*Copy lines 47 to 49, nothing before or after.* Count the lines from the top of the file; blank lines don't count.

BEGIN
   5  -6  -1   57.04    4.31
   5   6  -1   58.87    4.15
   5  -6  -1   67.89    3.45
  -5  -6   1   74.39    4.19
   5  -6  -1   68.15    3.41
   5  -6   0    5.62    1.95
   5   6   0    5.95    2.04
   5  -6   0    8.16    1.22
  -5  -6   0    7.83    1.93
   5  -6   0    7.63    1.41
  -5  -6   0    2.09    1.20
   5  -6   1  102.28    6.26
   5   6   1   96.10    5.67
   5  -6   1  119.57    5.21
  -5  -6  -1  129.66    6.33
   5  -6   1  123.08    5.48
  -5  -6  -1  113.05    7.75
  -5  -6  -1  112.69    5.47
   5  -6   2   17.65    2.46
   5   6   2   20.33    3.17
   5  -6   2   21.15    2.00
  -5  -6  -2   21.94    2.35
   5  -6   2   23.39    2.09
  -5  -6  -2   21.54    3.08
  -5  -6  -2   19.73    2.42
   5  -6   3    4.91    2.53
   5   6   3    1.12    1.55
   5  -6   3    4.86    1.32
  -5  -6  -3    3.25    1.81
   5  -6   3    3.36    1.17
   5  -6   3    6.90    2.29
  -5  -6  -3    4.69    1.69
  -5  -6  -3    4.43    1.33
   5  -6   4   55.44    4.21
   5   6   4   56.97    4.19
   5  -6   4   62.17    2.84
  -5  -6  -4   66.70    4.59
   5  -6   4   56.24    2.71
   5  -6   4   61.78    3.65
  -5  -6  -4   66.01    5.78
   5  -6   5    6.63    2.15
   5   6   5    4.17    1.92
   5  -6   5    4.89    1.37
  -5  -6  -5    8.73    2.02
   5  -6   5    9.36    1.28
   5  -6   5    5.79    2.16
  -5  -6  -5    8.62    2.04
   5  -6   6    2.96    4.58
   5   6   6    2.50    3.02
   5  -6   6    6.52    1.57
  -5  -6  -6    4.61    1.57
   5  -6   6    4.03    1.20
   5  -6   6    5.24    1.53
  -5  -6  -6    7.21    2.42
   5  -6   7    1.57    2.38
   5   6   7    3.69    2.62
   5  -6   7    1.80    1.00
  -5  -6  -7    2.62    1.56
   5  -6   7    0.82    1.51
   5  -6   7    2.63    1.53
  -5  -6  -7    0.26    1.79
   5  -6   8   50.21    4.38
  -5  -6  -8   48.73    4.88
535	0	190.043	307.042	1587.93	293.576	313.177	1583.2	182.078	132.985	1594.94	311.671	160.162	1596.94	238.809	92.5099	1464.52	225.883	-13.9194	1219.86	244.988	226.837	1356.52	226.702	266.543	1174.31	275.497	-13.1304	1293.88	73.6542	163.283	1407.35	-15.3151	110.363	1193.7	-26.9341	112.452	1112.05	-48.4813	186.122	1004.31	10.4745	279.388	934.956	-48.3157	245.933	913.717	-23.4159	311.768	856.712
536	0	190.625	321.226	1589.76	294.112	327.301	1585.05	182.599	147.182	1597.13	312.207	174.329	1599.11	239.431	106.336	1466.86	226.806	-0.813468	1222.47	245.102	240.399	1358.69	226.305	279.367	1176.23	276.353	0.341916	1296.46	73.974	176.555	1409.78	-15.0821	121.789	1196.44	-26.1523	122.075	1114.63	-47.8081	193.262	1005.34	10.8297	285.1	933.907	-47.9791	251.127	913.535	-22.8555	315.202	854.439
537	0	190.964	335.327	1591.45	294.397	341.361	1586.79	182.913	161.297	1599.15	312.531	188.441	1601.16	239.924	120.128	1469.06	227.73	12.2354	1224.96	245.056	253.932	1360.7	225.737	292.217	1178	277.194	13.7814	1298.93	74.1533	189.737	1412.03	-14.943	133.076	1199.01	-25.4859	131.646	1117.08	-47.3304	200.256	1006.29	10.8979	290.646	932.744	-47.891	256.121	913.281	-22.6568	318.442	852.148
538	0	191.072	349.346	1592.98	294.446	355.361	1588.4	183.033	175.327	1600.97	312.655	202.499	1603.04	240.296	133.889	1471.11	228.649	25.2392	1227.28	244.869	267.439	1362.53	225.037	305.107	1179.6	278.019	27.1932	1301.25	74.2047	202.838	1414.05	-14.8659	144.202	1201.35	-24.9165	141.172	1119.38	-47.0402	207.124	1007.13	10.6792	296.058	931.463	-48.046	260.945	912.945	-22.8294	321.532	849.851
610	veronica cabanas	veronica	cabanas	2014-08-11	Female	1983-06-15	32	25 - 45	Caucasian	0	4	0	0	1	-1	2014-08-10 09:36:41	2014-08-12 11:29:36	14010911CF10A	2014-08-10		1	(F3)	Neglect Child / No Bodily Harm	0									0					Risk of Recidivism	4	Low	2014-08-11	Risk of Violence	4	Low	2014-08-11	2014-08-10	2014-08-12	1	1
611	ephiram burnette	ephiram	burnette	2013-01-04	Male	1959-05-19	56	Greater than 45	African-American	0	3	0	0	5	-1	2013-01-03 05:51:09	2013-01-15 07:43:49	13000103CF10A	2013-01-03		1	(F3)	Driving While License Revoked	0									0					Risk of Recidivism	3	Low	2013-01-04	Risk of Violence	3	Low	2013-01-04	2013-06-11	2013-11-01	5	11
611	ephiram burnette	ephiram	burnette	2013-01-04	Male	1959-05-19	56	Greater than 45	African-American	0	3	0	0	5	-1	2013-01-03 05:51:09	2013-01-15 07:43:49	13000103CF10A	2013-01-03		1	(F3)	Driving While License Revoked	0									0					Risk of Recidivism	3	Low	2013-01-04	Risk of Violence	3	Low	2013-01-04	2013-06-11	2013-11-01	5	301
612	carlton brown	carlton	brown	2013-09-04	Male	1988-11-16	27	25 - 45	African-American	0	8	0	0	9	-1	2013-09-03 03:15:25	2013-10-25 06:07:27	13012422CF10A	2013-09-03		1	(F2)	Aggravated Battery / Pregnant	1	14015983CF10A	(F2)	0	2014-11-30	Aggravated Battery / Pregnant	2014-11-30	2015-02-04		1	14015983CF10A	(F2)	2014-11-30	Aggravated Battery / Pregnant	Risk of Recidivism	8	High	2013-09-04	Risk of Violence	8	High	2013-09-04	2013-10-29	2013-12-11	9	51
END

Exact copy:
  -5  -6  -5    8.62    2.04
   5  -6   6    2.96    4.58
   5   6   6    2.50    3.02